This is why expert reviews are important. The table below provides a synthesis of the camera assessments of some of the best known photo-gear review sites (amateurphotographer [AP], cameralabs [CL], dpreview [DPR], ephotozine [EPZ], photographyblog [PB]). As can be seen, the professional reviewers agree in many cases on the quality of different cameras, but sometimes their assessments diverge, reinforcing the earlier point that a camera decision is often a very personal choice.

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Expert Camera Reviews
     Camera 
 Model 
 AP 
 score 
 CL 
 score 
 DPR 
 score 
 EPZ 
 score 
 PB 
 score 
Camera
Launch
Launch
Price (USD)
Street
Price
1.
 
Leica D-LUX Typ 109......4.5/54.5/5 Sep 2014 1,195i
2.
 
Sony A77 II4/5..80/1004.5/55/5 May 2014 1,199 i
3.
 
Canon G164/5+..4.5/54.5/5 Aug 2013 549 i
4.
 
Fujifilm X304/5..76/1004.5/54.5/5 Aug 2014 599 i
5.
 
Fujifilm X100T5/5+81/1004.5/55/5 Sep 2014 1,299i
6.
 
Fujifilm X204/5+ +77/1004.5/55/5 Jan 2013 599i
7.
 
Fujifilm X100S5/5+ +81/1004.5/55/5 Jan 2013 1,299i
8.
 
Leica D-LUX 7........4.5/5 Nov 2018 1,195 i
9.
 
Leica V-LUX Typ 114........5/5 Sep 2014 1,349i
10.
 
Leica X Typ 1133.5/5....3.5/54/5 Sep 2014 2,295i
11.
 
Leica D-LUX 6......4/54/5 Sep 2012 699i
12.
 
Nikon D72004/5+ +84/1004.5/54.5/5 Mar 2015 1,199i
13.
 
Nikon D71005/5+ +85/1004.5/54.5/5 Feb 2013 1,199i
14.
 
Panasonic LX1005/5+ +85/1005/55/5 Sep 2014 899 i
15.
 
Sony A683/5....4/54/5 Nov 2015 699i
16.
 
Sony A7 II5/5+82/1004.5/55/5 Nov 2014 1,999i
17.
 
Sony A775/591/10081/100..5/5 Aug 2011 1,399i
Notes: (+ +) highly recommended; (+) recommended; (o) reviewed; (..) not available.

Care should be taken when interpreting the review scores above, though. The assessments were made in relation to similar cameras of the same technological generation. Hence, a score should always be seen in the context of the camera's market launch date and its price, and comparing ratings of very distinct cameras or ones that are far apart in terms of their release date have little meaning. It should also be noted that some of the review sites have over time altered the way they render their verdicts.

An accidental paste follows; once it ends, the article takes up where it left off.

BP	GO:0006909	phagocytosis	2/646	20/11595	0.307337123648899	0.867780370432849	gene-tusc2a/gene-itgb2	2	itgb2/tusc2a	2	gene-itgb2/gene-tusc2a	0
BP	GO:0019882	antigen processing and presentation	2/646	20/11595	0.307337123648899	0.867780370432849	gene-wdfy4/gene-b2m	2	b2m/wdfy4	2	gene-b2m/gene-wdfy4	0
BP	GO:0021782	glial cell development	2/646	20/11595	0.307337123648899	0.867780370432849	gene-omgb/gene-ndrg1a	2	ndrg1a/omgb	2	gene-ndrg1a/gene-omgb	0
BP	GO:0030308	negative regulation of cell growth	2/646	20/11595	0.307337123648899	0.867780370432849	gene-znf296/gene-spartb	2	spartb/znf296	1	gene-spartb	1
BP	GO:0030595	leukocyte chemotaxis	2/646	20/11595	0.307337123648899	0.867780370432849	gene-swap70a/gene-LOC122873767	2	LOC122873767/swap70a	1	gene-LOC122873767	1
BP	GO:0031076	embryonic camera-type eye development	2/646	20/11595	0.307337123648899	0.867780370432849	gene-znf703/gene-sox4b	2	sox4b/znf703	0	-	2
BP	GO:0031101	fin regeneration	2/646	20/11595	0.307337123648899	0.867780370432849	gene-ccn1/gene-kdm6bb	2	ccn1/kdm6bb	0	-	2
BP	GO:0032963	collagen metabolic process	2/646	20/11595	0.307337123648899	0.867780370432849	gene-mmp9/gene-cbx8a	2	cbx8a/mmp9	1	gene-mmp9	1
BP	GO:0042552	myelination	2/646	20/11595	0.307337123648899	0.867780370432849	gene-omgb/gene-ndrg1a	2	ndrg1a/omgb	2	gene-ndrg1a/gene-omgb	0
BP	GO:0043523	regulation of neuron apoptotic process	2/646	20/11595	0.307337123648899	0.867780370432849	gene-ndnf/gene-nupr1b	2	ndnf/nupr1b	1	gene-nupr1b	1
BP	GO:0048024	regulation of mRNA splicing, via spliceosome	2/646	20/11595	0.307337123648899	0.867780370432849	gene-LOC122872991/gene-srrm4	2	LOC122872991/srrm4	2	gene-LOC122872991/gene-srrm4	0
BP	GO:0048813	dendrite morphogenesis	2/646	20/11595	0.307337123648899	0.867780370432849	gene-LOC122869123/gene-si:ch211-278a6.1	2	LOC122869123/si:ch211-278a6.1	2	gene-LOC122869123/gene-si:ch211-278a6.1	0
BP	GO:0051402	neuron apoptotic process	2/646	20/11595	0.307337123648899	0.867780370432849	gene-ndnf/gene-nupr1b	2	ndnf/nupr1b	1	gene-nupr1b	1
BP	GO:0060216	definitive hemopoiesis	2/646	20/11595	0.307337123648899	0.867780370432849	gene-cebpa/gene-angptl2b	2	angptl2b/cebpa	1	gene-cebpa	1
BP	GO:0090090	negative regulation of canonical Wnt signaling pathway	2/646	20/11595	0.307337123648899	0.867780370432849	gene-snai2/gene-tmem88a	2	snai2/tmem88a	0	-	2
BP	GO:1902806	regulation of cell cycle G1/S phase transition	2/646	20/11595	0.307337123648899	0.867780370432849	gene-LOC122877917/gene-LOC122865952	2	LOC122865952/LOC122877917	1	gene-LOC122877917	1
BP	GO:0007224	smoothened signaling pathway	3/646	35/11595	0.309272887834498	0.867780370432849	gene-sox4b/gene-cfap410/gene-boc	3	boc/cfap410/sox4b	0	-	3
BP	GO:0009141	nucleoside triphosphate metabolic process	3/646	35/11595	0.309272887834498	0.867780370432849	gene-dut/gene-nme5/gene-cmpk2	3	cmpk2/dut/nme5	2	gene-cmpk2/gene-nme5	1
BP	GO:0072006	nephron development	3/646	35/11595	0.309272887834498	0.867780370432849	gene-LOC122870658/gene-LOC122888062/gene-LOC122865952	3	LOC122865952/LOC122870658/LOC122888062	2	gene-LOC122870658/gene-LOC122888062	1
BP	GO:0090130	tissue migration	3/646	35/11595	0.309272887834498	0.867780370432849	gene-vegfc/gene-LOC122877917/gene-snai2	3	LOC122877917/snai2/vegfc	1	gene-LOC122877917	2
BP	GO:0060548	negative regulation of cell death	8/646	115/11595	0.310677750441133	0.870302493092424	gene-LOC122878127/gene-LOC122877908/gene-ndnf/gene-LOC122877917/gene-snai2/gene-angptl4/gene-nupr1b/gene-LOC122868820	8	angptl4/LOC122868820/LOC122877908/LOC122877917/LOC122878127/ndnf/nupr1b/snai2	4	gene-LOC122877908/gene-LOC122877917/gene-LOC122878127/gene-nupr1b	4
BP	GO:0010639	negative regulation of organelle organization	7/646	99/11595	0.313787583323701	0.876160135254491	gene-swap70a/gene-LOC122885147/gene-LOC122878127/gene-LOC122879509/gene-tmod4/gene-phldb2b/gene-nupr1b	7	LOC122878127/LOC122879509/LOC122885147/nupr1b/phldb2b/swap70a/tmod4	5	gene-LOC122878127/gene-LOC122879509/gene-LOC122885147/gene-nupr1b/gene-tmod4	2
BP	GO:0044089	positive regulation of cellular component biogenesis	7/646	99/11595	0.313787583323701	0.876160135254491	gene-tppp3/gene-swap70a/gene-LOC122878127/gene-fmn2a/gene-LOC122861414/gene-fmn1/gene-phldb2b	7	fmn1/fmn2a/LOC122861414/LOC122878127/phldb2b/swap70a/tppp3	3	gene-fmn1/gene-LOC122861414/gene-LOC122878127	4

Leica D-LUX Typ 109:
Check Ebay offers
Sony A77 II:
Check Amazon price

Other camera comparisons

Did this review help to inform your camera decision process? In case you are interested in seeing how other cameras pair up, just make your choice using the following search menu. As an alternative, you can also directly jump to any one of the listed comparisons that were previously generated by the CAM-parator tool.

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    Specifications: Leica D-LUX Typ 109 vs Sony A77 II

    Below is a side-by-side comparison of the specs of the two cameras to facilitate a quick review of their differences and common features.

    Camera Specifications
    Camera Model Leica D-LUX Typ 109 Sony A77 II
    Camera Type Fixed lens compact camera Digital single lens reflex
    Camera Lens 24-75mm f/1.7-2.8 Sony A mount lenses
    Launch Date September 2014 May 2014
    Launch Price USD 1,195 USD 1,199
    Sensor Specs Leica D-LUX Typ 109 Sony A77 II
    Sensor Technology CMOS CMOS
    Sensor Format Four Thirds Sensor APS-C Sensor
    Sensor Size 17.3 x 13.0 mm 23.5 x 15.6 mm
    Sensor Area 224.9 mm2 366.6 mm2
    Sensor Diagonal 21.6 mm 28.2 mm
    Crop Factor 2.0x 1.5x
    Sensor Resolution 12.7 Megapixels 24 Megapixels
    Image Resolution 4112 x 3088 pixels 6000 x 4000 pixels
    Pixel Pitch 4.21 μm 3.91 μm
    Pixel Density 5.65 MP/cm2 6.55 MP/cm2
    Moiré control Anti-Alias filter Anti-Alias filter
    Movie Capability 4K/30p Video 1080/60p Video
    ISO Setting 200 - 12,500 ISO 100 - 25,600 ISO
    ISO Boost 100 - 25,600 ISO 50 - 51,200 ISO
    Screen Specs Leica D-LUX Typ 109 Sony A77 II
    Viewfinder Type Electronic viewfinder Electronic viewfinder
    Viewfinder Field of View 100% 100%
    Viewfinder Magnification 0.70x 0.73x
    Viewfinder Resolution 2764k dots 2359k dots
    Top-Level Screen no Top Display Control Panel
    LCD Framing Live View Live View
    Rear LCD Size 3.0inch 3.0inch
    LCD Resolution 921k dots 1229k dots
    LCD Attachment Fixed screen Fully flexible screen
    Shooting Specs Leica D-LUX Typ 109 Sony A77 II
    Focus System Contrast-detect AF Phase-detect AF
    Manual Focusing AidFocus PeakingFocus Peaking
    Max Shutter Speed (mechanical) 1/4000s 1/8000s
    Continuous Shooting 11 shutter flaps/s 12 shutter flaps/s
    Electronic Shutterup to 1/16000sno E-Shutter
    Time-Lapse PhotographyIntervalometer built-inno Intervalometer
    Image StabilizationLens-based stabilizationIn-body stabilization
    Fill Flash no On-Board Flash Build-in Flash
    Storage Medium SDXC cards MS or SDXC cards
    Second Storage Option Single card slot Single card slot
    UHS card support UHS-I UHS-I
    Connectivity Specs Leica D-LUX Typ 109 Sony A77 II
    External Flash Hotshoe Hotshoe
    Studio Flash no PC Sync PC Sync socket
    USB Connector USB 2.0 USB 2.0
    HDMI Port micro HDMI mini HDMI
    Microphone Port no MIC socket External MIC port
    Wifi Support Wifi built-in Wifi built-in
    Near-Field Communication NFC built-in NFC built-in
    Body Specs Leica D-LUX Typ 109 Sony A77 II
    Environmental Sealingnot weather sealedWeathersealed body
    Battery Type BP-DC15 NP-FM500H
    Battery Life (CIPA)300 shots per charge480 shots per charge
    Body Dimensions 118 x 66 x 55 mm
    (4.6 x 2.6 x 2.2 in)
    143 x 104 x 81 mm
    (5.6 x 4.1 x 3.2 in)
    Camera Weight 405 g (14.3 oz) 647 g (22.8 oz)